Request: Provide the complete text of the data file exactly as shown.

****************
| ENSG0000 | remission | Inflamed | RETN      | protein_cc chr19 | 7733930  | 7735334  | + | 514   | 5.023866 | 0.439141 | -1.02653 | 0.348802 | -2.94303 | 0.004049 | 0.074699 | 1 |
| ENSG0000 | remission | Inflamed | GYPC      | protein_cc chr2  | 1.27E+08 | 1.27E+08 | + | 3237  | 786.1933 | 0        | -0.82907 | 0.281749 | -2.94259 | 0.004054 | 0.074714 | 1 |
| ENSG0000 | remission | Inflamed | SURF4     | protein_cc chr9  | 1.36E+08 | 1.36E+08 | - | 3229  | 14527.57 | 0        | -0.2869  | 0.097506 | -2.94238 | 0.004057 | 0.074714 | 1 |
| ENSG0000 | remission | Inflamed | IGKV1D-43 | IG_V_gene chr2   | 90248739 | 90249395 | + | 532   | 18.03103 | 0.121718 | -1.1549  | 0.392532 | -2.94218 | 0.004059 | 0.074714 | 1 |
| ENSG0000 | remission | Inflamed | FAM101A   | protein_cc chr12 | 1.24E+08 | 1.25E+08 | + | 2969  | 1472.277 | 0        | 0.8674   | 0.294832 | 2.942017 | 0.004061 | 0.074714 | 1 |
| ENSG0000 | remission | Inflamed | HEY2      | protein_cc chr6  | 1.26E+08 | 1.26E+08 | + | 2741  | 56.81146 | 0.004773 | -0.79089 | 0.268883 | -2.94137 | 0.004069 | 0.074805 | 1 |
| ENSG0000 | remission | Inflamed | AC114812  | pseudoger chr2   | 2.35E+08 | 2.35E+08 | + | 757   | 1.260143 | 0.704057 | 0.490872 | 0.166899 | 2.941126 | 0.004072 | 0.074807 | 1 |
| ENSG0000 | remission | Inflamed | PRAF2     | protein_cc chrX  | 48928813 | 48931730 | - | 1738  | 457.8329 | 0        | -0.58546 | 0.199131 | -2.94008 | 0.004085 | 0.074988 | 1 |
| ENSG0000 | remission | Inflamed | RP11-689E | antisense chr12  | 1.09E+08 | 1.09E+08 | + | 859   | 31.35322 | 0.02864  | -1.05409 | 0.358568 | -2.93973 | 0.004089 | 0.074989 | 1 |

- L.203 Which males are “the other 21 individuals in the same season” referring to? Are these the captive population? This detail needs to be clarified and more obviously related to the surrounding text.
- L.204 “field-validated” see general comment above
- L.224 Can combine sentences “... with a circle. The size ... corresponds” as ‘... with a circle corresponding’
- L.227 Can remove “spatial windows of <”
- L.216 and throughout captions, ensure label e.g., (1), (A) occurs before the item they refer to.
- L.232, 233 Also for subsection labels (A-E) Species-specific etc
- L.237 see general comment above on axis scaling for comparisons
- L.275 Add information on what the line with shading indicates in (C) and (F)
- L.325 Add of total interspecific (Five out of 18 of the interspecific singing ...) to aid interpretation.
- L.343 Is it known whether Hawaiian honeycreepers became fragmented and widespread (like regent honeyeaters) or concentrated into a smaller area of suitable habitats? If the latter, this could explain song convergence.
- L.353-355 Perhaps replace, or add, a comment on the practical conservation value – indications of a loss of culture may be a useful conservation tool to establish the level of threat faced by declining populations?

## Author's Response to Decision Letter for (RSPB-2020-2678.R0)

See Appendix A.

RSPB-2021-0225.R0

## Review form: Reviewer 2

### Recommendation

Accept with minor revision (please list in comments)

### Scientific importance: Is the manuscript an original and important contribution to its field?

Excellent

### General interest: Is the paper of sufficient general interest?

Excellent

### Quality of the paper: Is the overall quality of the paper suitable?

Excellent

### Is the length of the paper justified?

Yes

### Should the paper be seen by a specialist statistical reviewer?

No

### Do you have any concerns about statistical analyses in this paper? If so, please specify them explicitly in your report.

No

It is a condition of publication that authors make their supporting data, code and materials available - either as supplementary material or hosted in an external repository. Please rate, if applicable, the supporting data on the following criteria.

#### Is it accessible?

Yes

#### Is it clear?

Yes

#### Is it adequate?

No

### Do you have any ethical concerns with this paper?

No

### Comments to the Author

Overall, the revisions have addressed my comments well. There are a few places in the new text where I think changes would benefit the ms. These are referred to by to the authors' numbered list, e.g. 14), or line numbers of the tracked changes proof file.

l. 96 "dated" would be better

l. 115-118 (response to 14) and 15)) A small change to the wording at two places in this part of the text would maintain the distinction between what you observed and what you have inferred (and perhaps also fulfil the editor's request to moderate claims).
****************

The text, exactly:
| ENSG0000 | remission | Inflamed | RETN      | protein_cc chr19 | 7733930  | 7735334  | + | 514   | 5.023866 | 0.439141 | -1.02653 | 0.348802 | -2.94303 | 0.004049 | 0.074699 | 1 |
| ENSG0000 | remission | Inflamed | GYPC      | protein_cc chr2  | 1.27E+08 | 1.27E+08 | + | 3237  | 786.1933 | 0        | -0.82907 | 0.281749 | -2.94259 | 0.004054 | 0.074714 | 1 |
| ENSG0000 | remission | Inflamed | SURF4     | protein_cc chr9  | 1.36E+08 | 1.36E+08 | - | 3229  | 14527.57 | 0        | -0.2869  | 0.097506 | -2.94238 | 0.004057 | 0.074714 | 1 |
| ENSG0000 | remission | Inflamed | IGKV1D-43 | IG_V_gene chr2   | 90248739 | 90249395 | + | 532   | 18.03103 | 0.121718 | -1.1549  | 0.392532 | -2.94218 | 0.004059 | 0.074714 | 1 |
| ENSG0000 | remission | Inflamed | FAM101A   | protein_cc chr12 | 1.24E+08 | 1.25E+08 | + | 2969  | 1472.277 | 0        | 0.8674   | 0.294832 | 2.942017 | 0.004061 | 0.074714 | 1 |
| ENSG0000 | remission | Inflamed | HEY2      | protein_cc chr6  | 1.26E+08 | 1.26E+08 | + | 2741  | 56.81146 | 0.004773 | -0.79089 | 0.268883 | -2.94137 | 0.004069 | 0.074805 | 1 |
| ENSG0000 | remission | Inflamed | AC114812  | pseudoger chr2   | 2.35E+08 | 2.35E+08 | + | 757   | 1.260143 | 0.704057 | 0.490872 | 0.166899 | 2.941126 | 0.004072 | 0.074807 | 1 |
| ENSG0000 | remission | Inflamed | PRAF2     | protein_cc chrX  | 48928813 | 48931730 | - | 1738  | 457.8329 | 0        | -0.58546 | 0.199131 | -2.94008 | 0.004085 | 0.074988 | 1 |
| ENSG0000 | remission | Inflamed | RP11-689E | antisense chr12  | 1.09E+08 | 1.09E+08 | + | 859   | 31.35322 | 0.02864  | -1.05409 | 0.358568 | -2.93973 | 0.004089 | 0.074989 | 1 |

- L.203 Which males are “the other 21 individuals in the same season” referring to? Are these the captive population? This detail needs to be clarified and more obviously related to the surrounding text.
- L.204 “field-validated” see general comment above
- L.224 Can combine sentences “... with a circle. The size ... corresponds” as ‘... with a circle corresponding’
- L.227 Can remove “spatial windows of <”
- L.216 and throughout captions, ensure label e.g., (1), (A) occurs before the item they refer to.
- L.232, 233 Also for subsection labels (A-E) Species-specific etc
- L.237 see general comment above on axis scaling for comparisons
- L.275 Add information on what the line with shading indicates in (C) and (F)
- L.325 Add of total interspecific (Five out of 18 of the interspecific singing ...) to aid interpretation.
- L.343 Is it known whether Hawaiian honeycreepers became fragmented and widespread (like regent honeyeaters) or concentrated into a smaller area of suitable habitats? If the latter, this could explain song convergence.
- L.353-355 Perhaps replace, or add, a comment on the practical conservation value – indications of a loss of culture may be a useful conservation tool to establish the level of threat faced by declining populations?

## Author's Response to Decision Letter for (RSPB-2020-2678.R0)

See Appendix A.

RSPB-2021-0225.R0

## Review form: Reviewer 2

### Recommendation

Accept with minor revision (please list in comments)

### Scientific importance: Is the manuscript an original and important contribution to its field?

Excellent

### General interest: Is the paper of sufficient general interest?

Excellent

### Quality of the paper: Is the overall quality of the paper suitable?

Excellent

### Is the length of the paper justified?

Yes

### Should the paper be seen by a specialist statistical reviewer?

No

### Do you have any concerns about statistical analyses in this paper? If so, please specify them explicitly in your report.

No

It is a condition of publication that authors make their supporting data, code and materials available - either as supplementary material or hosted in an external repository. Please rate, if applicable, the supporting data on the following criteria.

#### Is it accessible?

Yes

#### Is it clear?

Yes

#### Is it adequate?

No

### Do you have any ethical concerns with this paper?

No

### Comments to the Author

Overall, the revisions have addressed my comments well. There are a few places in the new text where I think changes would benefit the ms. These are referred to by to the authors' numbered list, e.g. 14), or line numbers of the tracked changes proof file.

l. 96 "dated" would be better

l. 115-118 (response to 14) and 15)) A small change to the wording at two places in this part of the text would maintain the distinction between what you observed and what you have inferred (and perhaps also fulfil the editor's request to moderate claims).